More data is required. It looks from the data like up and in is a poorer location than belt high and outside, as the contact rate is higher and the IsoP is higher. However, pitchers generate more pop-ups and other forms of poor contact on the pitch up and in. You need to look at wOBA, LD rate and so on to capture it.

    It is well-known that the pitch at the knees and on the outside corner from R to R is easily the best location for the pitcher. For the more general statements about pitching outside vs. pitching inside, you need more data.

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    • Dave Cameron says:

      Numbers like wOBA or LD% don’t really tell you anything, actually, because they only measure the outcomes on swings that result in balls in play. Swing-and-misses don’t count against your wOBA or LD%, and neither do called strikes, both of which are strongly negative for a hitter.

      That’s why the linear weight map — “RAA/100P” — is so powerful. It includes not only the linear weight values of batted balls, but also of pitches that don’t result in balls in play. And it very clearly shows that the best results for the pitcher come on pitches down and away.

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      • Eric Feczko says:

        Unfortunately, interpretations need to be constrained when examining a linear weight map by the actual outcomes that occurred.

        For example, according to the linear weight map, down and in is more valuable to a hitter than over the heart of the plate. However, hitters swinging over the heart of the plate hit for more power, generate more contact, and swing more frequently. I suspect the difference in the weight map here relates to the fact that pitches down and in are more likely to be called a ball than pitches over the heart of the plate.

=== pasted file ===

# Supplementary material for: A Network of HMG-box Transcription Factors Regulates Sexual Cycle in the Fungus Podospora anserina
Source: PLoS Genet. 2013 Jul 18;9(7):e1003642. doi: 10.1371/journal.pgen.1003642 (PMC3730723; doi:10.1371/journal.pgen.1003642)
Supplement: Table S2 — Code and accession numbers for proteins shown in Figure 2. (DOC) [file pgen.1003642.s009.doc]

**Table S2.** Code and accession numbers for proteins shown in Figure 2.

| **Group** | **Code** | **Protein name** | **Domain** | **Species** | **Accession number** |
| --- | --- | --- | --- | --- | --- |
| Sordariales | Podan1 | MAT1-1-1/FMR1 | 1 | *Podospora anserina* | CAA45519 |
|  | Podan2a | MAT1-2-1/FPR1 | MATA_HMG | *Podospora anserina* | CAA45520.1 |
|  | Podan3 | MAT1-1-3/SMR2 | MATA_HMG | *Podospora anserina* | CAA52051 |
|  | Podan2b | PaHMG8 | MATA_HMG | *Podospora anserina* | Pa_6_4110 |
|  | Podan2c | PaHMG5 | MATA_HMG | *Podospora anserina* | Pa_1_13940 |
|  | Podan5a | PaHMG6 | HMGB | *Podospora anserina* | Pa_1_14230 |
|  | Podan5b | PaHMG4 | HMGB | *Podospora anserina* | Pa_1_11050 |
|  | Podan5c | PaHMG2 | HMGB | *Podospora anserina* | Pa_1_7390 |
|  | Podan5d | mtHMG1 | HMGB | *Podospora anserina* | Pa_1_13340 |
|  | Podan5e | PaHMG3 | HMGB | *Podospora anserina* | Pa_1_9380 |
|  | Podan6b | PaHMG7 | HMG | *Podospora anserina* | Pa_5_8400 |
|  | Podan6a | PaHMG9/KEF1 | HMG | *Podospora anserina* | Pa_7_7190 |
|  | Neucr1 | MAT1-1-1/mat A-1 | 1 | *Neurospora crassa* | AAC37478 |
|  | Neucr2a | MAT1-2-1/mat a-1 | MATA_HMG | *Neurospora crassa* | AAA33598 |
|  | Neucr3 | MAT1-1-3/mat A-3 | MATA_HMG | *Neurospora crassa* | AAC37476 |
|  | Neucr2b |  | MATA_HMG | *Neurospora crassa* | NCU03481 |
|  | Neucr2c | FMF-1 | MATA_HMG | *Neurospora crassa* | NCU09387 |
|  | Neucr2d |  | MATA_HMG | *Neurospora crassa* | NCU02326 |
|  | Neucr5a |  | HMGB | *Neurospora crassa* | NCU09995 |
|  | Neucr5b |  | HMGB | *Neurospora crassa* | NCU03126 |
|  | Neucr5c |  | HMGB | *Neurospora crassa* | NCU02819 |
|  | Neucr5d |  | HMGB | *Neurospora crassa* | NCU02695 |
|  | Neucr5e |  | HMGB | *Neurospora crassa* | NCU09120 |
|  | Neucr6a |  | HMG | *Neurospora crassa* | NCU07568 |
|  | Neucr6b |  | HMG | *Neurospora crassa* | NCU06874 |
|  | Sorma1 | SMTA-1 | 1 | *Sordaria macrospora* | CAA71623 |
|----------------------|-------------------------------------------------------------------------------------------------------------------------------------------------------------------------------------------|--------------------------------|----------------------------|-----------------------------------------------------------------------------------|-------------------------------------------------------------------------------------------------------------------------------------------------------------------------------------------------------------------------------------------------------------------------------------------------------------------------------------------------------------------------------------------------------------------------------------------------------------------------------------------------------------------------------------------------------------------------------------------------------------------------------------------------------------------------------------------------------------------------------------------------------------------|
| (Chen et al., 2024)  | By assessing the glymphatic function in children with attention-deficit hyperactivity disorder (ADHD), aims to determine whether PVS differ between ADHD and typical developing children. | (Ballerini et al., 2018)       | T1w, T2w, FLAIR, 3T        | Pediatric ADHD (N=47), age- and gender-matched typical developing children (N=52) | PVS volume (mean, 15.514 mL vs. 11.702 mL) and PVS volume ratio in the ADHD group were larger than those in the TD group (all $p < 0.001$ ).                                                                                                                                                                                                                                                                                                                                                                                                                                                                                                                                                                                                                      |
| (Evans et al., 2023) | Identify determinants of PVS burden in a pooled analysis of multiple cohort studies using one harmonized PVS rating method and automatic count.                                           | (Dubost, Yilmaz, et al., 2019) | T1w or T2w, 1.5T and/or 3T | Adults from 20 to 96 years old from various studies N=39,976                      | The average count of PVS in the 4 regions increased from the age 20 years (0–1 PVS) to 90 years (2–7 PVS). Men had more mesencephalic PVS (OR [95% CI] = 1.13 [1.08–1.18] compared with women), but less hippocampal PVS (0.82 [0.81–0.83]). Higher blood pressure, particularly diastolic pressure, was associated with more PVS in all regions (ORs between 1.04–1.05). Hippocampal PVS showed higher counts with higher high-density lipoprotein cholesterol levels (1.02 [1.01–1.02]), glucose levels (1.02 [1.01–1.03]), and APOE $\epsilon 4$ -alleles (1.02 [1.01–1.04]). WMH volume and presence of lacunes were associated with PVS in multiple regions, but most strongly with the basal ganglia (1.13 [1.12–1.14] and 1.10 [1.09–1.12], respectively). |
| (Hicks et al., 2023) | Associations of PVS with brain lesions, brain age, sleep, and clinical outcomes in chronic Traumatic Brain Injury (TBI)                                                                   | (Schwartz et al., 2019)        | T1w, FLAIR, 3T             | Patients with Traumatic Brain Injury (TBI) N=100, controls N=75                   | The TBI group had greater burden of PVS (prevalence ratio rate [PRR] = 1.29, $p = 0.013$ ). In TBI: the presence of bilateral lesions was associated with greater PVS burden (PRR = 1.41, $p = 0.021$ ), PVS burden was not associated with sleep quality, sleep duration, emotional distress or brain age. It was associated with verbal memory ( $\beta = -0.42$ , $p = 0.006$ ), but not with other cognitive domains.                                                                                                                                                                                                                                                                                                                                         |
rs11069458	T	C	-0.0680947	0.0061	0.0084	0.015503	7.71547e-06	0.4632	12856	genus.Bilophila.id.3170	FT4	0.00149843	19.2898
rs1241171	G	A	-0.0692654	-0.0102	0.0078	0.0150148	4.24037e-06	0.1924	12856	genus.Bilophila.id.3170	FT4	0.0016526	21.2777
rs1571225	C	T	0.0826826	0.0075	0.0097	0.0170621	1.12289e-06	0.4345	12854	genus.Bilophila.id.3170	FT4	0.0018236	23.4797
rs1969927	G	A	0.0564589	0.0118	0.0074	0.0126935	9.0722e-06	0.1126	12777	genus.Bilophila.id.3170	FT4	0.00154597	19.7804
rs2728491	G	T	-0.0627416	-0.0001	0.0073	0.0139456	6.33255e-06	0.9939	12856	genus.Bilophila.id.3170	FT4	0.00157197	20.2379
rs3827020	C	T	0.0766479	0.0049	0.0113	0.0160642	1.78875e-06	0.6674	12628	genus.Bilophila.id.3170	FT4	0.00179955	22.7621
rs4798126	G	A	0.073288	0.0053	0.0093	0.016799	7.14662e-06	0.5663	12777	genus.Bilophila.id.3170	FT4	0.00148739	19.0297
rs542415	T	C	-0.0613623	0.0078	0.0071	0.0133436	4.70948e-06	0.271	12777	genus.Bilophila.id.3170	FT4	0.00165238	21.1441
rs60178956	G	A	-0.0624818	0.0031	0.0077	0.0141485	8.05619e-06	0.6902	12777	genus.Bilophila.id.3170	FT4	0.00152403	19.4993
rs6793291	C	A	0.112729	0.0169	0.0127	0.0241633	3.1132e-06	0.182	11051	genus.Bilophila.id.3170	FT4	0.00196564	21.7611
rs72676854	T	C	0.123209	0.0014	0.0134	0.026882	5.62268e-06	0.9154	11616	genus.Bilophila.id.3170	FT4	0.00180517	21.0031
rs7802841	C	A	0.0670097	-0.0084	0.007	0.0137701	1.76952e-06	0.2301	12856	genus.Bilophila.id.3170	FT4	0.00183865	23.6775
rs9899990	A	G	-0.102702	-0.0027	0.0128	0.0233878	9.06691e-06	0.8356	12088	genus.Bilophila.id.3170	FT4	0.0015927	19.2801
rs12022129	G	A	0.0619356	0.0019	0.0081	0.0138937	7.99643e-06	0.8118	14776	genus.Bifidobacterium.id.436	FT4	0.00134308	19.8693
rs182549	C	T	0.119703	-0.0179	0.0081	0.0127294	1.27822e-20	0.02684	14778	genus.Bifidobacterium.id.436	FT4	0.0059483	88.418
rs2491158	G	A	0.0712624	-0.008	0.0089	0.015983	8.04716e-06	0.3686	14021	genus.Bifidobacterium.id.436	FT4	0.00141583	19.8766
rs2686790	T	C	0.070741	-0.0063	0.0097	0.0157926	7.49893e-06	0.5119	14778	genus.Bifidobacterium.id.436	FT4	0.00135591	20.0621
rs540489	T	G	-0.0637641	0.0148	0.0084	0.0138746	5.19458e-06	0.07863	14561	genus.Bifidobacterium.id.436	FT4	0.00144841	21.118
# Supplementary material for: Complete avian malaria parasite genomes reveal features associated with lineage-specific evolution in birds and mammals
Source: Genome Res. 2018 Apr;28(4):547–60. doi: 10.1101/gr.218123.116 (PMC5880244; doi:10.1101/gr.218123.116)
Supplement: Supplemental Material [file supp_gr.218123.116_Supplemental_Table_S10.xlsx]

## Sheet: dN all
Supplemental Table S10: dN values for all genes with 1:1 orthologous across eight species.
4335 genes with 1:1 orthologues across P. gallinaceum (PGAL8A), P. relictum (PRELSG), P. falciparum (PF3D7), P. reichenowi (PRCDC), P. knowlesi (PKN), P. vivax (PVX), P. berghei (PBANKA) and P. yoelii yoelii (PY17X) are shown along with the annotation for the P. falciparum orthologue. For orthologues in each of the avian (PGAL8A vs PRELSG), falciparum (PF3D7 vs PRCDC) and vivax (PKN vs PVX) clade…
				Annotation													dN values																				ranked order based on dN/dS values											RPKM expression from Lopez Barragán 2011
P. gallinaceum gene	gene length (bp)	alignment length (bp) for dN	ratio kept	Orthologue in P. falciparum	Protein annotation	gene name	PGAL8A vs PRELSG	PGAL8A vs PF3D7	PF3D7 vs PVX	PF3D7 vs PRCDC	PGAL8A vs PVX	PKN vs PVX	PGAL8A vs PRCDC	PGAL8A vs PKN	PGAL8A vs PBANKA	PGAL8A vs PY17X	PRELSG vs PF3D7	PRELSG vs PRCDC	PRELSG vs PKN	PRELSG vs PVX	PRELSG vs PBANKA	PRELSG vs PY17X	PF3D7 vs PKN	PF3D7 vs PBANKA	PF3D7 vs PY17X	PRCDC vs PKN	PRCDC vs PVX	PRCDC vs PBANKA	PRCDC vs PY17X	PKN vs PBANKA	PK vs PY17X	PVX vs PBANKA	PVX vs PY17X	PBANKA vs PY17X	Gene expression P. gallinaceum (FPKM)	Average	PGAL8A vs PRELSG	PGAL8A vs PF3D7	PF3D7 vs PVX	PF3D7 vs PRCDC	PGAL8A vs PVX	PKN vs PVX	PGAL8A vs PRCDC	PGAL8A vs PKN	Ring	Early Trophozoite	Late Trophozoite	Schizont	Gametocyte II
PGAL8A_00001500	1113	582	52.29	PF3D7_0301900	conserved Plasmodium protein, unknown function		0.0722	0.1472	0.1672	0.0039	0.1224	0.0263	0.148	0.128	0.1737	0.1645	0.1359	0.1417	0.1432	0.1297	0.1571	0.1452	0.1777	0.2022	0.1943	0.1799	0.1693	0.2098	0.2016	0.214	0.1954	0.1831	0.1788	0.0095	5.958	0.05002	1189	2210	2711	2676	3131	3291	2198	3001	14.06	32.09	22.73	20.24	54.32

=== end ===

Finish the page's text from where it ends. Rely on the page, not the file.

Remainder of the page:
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        • Park Chan ho's Beard says:

          Dave Cameron specifically addresses this point in the article. And the fact is that over the last 2+ years, the results of pitches down and in have been more positive than the results of pitches over the heart of the plate. It may seem counter intuitive, and there are more ways to look at the data further, as Cameron does later on, but that’s the actual data from real baseball that’s been played.

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      • Mike Green says:

        If I read the linear weights chart correctly, waist high and outside is slightly more effective than low and outside. I wonder if that is because they are more likely to be called strikes. It is weird that waist high and outside is so effective but up and away is absolutely the worst place for a pitch righty on righty.

        More nuance with pitches in each of the locations is definitely required.

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        • John says:

          My guess is that as you get to the corners you are more likely to see balls called?

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  3. JCougar says:

    This reminds me of why Joaquin Benoit is so successful. He doesn’t have ridiculous stuff, but nearly every single pitch is on the outer third of the plate, except maybe once or twice an inning, he goes inside to keep guys honest.

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  4. Will says:

    Leo Mazzone is rockin away…. unemployed… but rockin…

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  5. B-Race Miles says:

    Two pitchers that immediately come to mind in regards to pitching low and away are Josh Beckett and Rafael Betancourt. Did it better than any of their peers, it seemed.

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  6. Matt says:

    Really interesting, thanks.

    One thing that really jumps out at me is the LW numbers all the way across the top of the zone. Much worse for the hitter than anything low that’s middle to middle in.